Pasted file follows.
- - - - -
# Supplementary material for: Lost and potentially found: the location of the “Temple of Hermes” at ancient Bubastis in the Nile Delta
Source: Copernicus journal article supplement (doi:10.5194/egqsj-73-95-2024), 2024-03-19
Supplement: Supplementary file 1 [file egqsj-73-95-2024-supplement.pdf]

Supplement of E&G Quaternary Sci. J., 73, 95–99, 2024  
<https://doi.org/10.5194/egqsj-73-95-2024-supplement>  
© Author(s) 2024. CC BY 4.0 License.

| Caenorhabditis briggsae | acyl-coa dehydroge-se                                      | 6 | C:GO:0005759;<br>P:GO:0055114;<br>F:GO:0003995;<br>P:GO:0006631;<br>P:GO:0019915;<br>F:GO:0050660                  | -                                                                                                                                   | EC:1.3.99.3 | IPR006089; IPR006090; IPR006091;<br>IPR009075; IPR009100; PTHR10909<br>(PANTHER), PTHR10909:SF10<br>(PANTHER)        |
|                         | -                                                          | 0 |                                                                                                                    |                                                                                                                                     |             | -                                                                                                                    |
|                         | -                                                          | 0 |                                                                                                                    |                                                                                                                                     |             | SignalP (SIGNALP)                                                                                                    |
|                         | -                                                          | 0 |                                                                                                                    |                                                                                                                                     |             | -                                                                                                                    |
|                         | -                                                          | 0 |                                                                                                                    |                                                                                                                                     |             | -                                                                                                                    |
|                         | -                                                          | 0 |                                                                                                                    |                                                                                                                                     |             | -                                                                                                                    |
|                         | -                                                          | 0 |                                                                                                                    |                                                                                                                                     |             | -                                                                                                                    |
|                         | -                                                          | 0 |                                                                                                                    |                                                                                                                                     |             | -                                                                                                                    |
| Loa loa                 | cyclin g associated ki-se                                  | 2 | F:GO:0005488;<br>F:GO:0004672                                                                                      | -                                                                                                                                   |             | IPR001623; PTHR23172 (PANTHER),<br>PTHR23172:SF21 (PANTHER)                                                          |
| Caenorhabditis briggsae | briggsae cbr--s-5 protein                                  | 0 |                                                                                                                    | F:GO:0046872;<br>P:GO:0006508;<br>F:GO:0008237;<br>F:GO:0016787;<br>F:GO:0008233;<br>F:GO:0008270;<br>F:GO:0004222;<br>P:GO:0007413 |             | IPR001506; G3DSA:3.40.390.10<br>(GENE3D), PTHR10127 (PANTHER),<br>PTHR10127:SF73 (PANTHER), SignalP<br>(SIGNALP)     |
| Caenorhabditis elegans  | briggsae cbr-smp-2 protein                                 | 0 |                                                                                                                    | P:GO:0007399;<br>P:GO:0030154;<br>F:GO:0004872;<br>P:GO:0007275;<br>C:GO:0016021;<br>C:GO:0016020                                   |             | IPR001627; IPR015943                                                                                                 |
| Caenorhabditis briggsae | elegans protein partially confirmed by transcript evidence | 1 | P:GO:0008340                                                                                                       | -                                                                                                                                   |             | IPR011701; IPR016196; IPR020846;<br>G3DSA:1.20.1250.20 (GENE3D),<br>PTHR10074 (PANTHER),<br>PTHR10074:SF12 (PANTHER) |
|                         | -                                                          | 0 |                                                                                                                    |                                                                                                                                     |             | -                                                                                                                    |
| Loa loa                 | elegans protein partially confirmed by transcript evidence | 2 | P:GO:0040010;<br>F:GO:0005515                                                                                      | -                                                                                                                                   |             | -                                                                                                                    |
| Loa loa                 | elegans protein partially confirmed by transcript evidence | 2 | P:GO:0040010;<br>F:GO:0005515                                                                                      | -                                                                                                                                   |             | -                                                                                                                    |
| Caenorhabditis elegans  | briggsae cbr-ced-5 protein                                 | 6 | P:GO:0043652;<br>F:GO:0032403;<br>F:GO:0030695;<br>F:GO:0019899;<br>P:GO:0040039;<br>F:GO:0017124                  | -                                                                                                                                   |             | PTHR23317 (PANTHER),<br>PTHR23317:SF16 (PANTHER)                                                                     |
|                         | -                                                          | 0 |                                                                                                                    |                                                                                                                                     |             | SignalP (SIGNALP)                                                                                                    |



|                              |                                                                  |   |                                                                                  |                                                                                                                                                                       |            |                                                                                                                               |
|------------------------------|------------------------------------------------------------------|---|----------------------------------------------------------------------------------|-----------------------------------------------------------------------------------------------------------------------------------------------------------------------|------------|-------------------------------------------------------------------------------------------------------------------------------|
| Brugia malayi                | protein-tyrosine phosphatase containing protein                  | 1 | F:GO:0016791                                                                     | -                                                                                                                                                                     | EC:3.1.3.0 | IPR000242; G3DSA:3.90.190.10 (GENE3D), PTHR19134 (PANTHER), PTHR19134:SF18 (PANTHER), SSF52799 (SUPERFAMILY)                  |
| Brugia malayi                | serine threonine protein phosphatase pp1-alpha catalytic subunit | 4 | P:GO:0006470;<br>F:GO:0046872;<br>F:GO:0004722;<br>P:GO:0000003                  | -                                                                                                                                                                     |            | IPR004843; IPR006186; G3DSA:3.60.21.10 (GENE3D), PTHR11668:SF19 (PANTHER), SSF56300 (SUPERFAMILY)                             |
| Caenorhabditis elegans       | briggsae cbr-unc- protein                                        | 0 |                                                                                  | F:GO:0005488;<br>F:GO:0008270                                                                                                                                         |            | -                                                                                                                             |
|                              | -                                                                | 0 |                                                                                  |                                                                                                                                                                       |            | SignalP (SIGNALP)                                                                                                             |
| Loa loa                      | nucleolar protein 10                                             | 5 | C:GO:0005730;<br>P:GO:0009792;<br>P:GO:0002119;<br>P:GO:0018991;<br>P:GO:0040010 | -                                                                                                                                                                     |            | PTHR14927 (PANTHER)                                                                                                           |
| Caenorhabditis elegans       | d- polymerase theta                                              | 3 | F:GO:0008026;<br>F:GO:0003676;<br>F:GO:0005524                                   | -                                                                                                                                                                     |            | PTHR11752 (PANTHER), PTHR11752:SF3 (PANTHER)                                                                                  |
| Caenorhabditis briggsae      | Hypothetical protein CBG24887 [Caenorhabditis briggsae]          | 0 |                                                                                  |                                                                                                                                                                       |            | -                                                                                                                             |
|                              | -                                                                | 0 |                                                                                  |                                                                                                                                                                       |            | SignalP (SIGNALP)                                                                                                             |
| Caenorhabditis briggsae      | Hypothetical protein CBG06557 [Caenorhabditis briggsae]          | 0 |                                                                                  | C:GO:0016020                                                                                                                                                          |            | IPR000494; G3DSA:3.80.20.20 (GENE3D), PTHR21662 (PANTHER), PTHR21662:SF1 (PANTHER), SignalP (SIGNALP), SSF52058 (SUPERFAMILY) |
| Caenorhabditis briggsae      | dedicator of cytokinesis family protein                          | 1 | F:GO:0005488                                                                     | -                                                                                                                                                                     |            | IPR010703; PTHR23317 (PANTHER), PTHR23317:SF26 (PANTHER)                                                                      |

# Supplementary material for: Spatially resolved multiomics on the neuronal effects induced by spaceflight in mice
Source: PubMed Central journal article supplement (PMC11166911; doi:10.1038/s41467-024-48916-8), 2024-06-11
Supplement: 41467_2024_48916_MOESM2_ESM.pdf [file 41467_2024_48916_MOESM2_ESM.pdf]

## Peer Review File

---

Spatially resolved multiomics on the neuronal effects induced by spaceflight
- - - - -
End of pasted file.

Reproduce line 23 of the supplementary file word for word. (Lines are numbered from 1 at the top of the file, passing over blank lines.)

|                         | -                                                          | 0 |                                                                                                                    |                                                                                                                                     |             | SignalP (SIGNALP)                                                                                                    |